Professor Elizabeth Krenske

Professor

School of Chemistry and Molecular Biosciences
Faculty of Science
e.krenske@uq.edu.au
+61 7 336 54632

Overview

Professor Elizabeth Krenske leads a computational chemistry laboratory that specialises in understanding molecular behaviour. Her laboratory has a particular focus on the study of chemical reaction mechanisms, including the computational prediction of reaction outcomes. Prof. Krenske obtained her PhD in synthetic main-group chemistry at The Australian National University's Research School of Chemistry, where she worked with Professor Bruce Wild. After two years of postdoctoral research at the ANU she was awarded a Fulbright Postdoctoral Scholarship and spent two years at the University of California, Los Angeles, working in the field of theoretical and computational chemistry with Professor Kendall Houk. She returned to Australia in 2009 as an ARC Australian Postdoctoral Fellow at the University of Melbourne, and moved to The University of Queensland in 2012 as an ARC Future Fellow. She is currently a Professor in the UQ School of Chemistry and Molecular Biosciences.

Prof. Krenske is a Fellow of the Royal Australian Chemical Institute, Fellow of the Royal Society of Chemistry, Fellow of the Higher Education Academy and former Associate Editor of the RSC journal Organic & Biomolecular Chemistry.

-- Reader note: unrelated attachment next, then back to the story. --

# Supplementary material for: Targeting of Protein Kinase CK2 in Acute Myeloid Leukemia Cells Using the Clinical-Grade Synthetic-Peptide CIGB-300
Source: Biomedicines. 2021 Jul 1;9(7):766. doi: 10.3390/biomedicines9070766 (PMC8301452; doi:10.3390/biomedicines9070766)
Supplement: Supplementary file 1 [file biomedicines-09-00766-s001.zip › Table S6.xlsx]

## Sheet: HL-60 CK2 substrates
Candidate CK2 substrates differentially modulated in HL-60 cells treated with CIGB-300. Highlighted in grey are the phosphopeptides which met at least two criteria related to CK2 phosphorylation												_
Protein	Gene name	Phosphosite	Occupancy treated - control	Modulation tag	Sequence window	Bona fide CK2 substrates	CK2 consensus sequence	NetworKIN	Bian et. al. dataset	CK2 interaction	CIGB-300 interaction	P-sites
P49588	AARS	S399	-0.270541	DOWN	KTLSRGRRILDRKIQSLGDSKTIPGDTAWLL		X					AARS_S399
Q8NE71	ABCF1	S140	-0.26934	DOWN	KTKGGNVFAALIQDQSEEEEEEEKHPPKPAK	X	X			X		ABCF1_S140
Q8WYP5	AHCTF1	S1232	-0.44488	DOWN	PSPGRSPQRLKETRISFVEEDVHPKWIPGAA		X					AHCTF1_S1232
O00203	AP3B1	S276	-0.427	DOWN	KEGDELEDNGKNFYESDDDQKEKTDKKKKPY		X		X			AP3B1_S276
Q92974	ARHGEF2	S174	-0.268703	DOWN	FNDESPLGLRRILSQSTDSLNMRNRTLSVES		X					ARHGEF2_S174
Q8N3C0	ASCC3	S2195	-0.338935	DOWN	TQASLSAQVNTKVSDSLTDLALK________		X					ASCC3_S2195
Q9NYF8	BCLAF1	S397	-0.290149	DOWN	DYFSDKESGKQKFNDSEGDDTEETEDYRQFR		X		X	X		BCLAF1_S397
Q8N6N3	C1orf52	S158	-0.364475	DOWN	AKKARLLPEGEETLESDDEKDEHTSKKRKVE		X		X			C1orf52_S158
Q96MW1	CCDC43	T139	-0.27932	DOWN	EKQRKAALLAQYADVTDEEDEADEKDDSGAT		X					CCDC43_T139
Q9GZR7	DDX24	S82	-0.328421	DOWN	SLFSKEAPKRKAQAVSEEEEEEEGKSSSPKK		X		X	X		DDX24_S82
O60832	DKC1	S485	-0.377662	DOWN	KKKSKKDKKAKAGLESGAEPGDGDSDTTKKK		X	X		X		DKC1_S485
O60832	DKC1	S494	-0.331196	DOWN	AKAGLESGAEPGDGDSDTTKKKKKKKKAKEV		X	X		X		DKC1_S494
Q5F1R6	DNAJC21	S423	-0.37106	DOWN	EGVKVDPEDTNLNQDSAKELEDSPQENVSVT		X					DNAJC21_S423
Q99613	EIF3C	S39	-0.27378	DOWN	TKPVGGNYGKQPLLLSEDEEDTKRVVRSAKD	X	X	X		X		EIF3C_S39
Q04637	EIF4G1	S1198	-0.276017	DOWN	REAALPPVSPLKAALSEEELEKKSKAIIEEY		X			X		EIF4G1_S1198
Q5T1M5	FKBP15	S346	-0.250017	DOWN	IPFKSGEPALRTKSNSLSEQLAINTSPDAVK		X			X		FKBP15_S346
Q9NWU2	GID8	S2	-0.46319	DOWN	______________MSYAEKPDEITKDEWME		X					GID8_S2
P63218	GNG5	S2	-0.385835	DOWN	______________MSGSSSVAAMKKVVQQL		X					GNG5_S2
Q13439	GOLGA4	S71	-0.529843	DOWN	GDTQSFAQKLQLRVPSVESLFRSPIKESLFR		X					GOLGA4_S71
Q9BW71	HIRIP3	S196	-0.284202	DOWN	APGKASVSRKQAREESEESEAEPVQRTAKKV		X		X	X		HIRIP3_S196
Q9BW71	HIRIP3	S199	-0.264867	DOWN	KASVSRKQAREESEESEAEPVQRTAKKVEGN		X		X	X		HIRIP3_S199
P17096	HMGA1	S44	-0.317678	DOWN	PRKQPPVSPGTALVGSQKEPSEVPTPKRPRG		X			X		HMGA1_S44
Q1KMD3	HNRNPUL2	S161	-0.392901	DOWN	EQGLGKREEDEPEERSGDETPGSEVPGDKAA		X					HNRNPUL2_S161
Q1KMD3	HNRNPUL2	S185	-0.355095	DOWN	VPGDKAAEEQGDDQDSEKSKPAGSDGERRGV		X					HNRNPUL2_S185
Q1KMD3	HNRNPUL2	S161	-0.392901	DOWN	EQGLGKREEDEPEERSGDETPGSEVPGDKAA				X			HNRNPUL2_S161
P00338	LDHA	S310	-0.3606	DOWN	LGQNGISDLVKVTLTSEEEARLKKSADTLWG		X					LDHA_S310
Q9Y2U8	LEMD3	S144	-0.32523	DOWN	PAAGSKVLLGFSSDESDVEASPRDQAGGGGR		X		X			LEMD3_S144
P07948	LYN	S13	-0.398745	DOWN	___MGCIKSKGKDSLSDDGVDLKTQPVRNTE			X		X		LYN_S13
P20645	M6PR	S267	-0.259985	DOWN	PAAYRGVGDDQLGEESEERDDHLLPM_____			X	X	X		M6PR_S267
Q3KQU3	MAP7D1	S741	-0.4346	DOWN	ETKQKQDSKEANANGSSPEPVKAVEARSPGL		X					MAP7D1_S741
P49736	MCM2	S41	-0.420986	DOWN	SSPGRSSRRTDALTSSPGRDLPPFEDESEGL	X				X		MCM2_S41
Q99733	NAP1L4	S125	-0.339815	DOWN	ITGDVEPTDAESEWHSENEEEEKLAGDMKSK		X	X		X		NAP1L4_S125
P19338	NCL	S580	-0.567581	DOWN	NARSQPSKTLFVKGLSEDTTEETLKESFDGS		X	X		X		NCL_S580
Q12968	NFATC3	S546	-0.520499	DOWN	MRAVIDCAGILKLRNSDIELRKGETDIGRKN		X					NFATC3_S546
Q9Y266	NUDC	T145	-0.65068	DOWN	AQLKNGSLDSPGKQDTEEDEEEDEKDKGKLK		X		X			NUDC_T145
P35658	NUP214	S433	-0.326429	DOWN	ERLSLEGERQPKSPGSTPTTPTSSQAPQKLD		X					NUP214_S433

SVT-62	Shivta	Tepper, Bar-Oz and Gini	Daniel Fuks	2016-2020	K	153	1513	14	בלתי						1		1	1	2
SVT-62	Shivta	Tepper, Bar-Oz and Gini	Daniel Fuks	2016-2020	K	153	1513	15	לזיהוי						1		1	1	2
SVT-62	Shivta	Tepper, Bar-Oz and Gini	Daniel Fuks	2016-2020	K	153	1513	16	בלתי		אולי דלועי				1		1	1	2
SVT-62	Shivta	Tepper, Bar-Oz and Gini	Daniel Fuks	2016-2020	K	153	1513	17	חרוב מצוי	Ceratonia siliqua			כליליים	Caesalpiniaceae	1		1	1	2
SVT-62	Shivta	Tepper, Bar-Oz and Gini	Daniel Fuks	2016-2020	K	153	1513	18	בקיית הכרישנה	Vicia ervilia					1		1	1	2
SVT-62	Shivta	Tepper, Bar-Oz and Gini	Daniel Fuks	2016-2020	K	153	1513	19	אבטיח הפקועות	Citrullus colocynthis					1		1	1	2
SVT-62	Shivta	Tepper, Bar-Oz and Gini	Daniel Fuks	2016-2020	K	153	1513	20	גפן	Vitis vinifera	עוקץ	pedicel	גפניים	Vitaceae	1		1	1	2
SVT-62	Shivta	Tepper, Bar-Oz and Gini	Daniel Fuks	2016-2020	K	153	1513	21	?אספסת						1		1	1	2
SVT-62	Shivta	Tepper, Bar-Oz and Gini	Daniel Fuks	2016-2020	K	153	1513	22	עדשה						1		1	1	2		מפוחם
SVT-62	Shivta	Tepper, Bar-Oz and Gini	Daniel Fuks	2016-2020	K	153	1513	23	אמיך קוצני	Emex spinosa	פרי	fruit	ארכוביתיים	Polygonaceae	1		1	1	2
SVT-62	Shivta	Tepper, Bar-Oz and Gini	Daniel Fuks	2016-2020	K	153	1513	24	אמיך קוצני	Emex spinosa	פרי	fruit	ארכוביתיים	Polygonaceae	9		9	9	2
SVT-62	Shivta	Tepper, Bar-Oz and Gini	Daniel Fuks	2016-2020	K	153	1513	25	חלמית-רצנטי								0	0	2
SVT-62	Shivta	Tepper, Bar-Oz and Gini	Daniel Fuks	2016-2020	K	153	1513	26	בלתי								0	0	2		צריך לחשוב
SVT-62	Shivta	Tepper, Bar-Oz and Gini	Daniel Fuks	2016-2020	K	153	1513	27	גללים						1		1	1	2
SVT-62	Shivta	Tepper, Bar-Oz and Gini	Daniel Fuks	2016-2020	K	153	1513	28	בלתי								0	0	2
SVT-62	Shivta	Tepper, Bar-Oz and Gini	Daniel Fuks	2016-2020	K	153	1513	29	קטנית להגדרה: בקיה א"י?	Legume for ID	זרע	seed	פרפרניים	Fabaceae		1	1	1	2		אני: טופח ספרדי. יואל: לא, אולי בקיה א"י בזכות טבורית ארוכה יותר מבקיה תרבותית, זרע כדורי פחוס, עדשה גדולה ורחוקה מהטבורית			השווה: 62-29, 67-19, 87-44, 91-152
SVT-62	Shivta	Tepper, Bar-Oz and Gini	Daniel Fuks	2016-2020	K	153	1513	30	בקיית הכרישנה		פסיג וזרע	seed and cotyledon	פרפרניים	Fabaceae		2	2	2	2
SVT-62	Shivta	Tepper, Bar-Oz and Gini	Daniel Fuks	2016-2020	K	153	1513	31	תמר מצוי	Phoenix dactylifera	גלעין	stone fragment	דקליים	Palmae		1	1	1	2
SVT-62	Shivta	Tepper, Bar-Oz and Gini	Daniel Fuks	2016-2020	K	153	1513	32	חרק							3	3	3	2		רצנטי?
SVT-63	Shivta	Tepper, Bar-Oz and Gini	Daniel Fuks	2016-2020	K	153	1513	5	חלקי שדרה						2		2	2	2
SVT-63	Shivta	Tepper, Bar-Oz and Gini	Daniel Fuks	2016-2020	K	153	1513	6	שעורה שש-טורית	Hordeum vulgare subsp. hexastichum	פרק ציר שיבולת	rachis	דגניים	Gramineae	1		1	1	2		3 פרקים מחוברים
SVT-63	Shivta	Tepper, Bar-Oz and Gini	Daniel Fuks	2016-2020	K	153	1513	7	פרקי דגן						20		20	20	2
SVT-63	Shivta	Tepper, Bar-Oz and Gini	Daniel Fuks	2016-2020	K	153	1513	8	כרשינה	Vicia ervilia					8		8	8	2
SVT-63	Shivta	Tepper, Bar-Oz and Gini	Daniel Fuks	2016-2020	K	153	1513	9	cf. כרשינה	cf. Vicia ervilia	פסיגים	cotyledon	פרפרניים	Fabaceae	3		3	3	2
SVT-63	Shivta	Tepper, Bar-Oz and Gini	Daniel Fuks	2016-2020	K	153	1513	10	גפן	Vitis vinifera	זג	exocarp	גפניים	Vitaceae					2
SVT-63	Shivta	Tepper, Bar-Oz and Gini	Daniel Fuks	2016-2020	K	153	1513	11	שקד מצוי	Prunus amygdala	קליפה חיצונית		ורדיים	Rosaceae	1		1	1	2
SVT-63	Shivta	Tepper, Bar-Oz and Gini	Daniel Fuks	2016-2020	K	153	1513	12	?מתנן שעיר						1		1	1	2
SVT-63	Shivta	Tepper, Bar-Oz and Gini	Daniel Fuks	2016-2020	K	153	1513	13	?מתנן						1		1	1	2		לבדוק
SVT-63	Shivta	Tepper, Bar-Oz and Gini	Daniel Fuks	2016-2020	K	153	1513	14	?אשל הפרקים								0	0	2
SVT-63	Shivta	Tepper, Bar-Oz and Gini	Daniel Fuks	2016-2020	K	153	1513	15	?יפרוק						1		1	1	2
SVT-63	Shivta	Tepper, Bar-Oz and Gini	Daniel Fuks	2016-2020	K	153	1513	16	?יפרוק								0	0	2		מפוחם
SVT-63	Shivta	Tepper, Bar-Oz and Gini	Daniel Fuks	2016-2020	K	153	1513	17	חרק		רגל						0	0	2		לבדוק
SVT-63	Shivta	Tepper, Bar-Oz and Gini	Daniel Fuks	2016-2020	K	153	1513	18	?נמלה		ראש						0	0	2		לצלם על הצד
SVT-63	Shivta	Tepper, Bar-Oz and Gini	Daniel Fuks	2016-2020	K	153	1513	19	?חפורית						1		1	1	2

Qualifications

  • Doctor of Philosophy, Australian National University
  • Bachelor of Science, The University of Queensland

Publications

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Grants

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Supervision

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Available Projects

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Publications

Book Chapter

Journal Article

Conference Publication

Other Outputs

Grants (Administered at UQ)

PhD and MPhil Supervision

Current Supervision

  • Doctor Philosophy — Principal Advisor

    Other advisors:

  • Doctor Philosophy — Principal Advisor

    Other advisors:

  • Doctor Philosophy — Associate Advisor

    Other advisors:

Completed Supervision

Possible Research Projects

Note for students: The possible research projects listed on this page may not be comprehensive or up to date. Always feel free to contact the staff for more information, and also with your own research ideas.